In a perfect world, the clothes you’re wearing when you walk into a car dealership shouldn’t affect the deal you get on a car or how you are treated. The unfortunate truth is that you will be sized up the moment you arrive, either consciously or unconsciously, by the dealership’s salespeople. In some cases, they may decide that you’re not even worth dealing with, while in others they may decide you can afford an offer they make. Price discrimination is perfectly legal in car dealerships, as long as it is not driven by your status in a protected class – such as sex, marital status, or race.
In short, don’t dress like a slob in a ripped-up T-shirt, and don’t dress like you’re headed for an event at the country club. If you walk in the showroom in your favorite Louboutin heels or a suit that costs more than the salesperson’s monthly salary, it is going to be harder to convince them that you can’t afford an extra $50 per month on your car payment. Remember, every bit of information – verbal or nonverbal – you give a trained sales professional is information that strengthens their negotiating power.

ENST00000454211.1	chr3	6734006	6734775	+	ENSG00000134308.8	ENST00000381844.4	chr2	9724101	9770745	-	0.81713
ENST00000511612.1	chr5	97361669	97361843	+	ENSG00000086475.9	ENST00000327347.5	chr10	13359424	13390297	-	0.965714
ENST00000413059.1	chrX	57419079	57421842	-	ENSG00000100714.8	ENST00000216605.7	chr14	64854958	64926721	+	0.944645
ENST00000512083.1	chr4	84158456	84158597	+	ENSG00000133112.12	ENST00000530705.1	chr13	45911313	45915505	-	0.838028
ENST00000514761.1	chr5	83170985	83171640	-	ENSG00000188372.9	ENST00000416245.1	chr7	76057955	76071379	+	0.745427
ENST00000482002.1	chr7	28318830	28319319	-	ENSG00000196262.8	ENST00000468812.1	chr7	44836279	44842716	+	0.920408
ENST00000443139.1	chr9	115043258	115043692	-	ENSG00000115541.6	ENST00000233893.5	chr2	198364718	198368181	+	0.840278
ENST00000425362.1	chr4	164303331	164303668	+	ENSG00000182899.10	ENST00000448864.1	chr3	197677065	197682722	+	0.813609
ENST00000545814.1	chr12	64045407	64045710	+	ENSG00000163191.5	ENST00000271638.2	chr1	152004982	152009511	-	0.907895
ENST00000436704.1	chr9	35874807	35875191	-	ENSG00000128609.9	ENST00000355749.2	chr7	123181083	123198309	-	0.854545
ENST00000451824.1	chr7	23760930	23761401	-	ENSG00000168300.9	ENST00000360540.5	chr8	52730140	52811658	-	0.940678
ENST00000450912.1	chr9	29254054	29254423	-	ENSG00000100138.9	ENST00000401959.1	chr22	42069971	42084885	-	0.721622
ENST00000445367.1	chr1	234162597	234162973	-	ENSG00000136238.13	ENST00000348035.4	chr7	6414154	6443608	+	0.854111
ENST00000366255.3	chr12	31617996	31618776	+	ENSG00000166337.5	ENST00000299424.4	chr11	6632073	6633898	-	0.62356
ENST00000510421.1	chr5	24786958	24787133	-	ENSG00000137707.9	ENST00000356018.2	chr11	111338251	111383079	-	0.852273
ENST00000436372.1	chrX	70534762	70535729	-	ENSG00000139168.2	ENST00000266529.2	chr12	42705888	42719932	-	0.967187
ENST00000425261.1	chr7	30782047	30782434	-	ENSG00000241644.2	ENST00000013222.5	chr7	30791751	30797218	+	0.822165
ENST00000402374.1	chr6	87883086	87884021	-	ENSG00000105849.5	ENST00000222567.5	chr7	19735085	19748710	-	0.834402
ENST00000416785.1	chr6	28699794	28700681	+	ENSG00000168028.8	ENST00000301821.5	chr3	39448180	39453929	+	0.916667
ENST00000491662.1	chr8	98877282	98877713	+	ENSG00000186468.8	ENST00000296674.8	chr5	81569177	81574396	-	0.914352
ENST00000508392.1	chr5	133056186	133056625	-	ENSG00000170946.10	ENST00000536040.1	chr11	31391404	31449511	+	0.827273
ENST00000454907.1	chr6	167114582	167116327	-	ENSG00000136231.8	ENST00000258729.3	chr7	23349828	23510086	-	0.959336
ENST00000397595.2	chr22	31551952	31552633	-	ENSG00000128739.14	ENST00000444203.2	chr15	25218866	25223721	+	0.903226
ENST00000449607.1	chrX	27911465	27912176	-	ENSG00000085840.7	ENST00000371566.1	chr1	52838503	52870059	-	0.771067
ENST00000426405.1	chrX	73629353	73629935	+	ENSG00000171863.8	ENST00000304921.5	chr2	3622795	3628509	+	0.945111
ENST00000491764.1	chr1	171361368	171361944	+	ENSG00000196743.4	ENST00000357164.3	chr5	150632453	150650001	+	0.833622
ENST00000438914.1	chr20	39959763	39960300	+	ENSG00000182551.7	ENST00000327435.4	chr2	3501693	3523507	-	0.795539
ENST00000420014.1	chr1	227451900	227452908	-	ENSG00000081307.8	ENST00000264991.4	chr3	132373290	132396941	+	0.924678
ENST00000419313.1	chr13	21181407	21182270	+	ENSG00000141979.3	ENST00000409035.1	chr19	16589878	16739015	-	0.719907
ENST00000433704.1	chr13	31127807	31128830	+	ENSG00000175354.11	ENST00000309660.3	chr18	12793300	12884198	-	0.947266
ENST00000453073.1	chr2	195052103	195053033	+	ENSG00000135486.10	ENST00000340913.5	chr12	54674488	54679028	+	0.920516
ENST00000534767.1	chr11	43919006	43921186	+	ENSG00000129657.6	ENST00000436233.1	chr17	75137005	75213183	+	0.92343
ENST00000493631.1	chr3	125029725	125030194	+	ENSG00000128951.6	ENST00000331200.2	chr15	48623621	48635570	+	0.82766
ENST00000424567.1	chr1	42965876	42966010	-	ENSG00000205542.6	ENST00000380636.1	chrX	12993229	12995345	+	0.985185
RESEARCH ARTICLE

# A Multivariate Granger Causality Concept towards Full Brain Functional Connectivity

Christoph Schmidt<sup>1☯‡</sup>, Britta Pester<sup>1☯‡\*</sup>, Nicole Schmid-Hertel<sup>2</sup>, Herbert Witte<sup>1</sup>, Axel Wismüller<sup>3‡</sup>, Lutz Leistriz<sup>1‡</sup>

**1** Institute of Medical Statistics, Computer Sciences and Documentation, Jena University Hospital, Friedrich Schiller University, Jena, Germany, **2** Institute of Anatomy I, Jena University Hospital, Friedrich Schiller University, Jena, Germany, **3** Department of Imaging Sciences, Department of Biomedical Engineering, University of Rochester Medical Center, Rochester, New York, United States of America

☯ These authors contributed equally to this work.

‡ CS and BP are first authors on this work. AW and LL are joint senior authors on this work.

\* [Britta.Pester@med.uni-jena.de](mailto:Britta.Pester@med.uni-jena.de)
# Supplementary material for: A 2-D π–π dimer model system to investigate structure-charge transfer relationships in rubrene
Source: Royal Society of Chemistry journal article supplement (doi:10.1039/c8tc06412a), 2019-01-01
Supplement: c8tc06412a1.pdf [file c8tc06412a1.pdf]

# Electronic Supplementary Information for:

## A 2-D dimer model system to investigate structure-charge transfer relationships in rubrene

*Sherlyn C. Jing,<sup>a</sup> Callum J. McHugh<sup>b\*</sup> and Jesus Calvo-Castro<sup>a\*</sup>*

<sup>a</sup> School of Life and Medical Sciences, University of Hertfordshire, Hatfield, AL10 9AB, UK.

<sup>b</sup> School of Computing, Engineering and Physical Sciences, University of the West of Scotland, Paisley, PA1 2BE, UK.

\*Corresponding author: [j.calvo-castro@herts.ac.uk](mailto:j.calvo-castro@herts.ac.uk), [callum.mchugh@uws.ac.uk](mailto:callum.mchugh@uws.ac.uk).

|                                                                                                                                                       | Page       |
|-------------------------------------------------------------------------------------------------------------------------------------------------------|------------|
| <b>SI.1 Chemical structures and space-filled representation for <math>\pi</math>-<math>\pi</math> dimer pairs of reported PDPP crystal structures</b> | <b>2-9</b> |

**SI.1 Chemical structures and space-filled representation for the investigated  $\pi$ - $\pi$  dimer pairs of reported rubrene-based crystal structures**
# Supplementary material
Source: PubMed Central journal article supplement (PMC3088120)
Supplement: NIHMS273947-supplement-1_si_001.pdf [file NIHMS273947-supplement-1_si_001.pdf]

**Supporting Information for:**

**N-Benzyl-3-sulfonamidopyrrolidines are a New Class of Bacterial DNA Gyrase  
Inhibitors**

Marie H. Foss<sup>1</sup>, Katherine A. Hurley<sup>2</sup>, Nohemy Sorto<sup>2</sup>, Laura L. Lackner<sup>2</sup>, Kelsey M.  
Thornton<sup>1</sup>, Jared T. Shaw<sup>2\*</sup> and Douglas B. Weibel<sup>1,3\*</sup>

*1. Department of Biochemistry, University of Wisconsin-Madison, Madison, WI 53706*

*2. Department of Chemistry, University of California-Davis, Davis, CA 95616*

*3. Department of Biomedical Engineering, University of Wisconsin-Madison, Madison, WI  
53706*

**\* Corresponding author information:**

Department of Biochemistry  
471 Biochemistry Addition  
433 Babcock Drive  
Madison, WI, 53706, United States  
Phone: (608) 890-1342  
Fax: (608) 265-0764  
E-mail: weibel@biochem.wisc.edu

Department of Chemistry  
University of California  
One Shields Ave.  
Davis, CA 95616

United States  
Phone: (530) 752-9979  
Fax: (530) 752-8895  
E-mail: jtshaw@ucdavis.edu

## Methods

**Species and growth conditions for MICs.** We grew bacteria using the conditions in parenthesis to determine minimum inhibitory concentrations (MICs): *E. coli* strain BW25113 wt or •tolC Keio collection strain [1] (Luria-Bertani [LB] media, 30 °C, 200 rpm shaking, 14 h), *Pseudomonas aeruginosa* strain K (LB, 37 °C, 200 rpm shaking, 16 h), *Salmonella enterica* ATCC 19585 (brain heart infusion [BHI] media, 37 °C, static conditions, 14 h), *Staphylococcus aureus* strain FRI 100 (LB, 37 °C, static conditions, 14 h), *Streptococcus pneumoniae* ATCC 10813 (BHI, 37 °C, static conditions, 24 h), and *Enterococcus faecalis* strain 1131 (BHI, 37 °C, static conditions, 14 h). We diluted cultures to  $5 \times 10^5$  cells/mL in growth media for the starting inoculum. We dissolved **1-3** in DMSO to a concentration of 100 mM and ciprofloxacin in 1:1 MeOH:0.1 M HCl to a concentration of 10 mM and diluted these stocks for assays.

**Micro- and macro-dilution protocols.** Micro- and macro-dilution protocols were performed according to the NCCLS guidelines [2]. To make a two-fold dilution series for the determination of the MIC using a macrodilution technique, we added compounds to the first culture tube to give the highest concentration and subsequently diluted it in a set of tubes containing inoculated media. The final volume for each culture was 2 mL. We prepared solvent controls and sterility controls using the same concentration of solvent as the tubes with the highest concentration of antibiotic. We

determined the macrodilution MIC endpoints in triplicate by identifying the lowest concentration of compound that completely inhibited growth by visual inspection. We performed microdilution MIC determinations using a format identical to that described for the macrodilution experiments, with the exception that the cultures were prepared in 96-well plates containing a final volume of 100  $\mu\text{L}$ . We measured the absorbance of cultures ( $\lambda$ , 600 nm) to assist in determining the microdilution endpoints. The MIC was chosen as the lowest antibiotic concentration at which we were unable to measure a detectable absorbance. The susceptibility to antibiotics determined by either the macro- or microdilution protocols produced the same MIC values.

5) Remember It Is a Business Transaction
A new or used car is one of the most expensive purchases we make. It's easy to get emotionally invested in our dream car, but it is critical you check those emotions at the dealership's door. Buying a car is a business transaction, nothing more, nothing less. Your goal is to get the lowest price possible, while the dealership’s task is to maximize the profit they make on the sale. Both stances are OK, as long as both you and the dealer act professionally, ethically, and within the bounds of the law.
Where emotions come into play is that car-buying is one of the last places where free-wheeling price negotiation is still found. You likely will have an amount in mind you want to pay, while the dealer knows how much they want to make. In all likelihood, the final deal will fall somewhere in the middle – that’s how negotiations work. If you go in thinking they’re going to jump at your first offer, you’ll likely be disappointed.
Going into the negotiation full of bluster, with the thought you will intimidate them into submission, will likely backfire. A trained car salesperson won’t fall for it, and it makes it much easier for them to stick you with a lousy deal if they think you’re a jerk.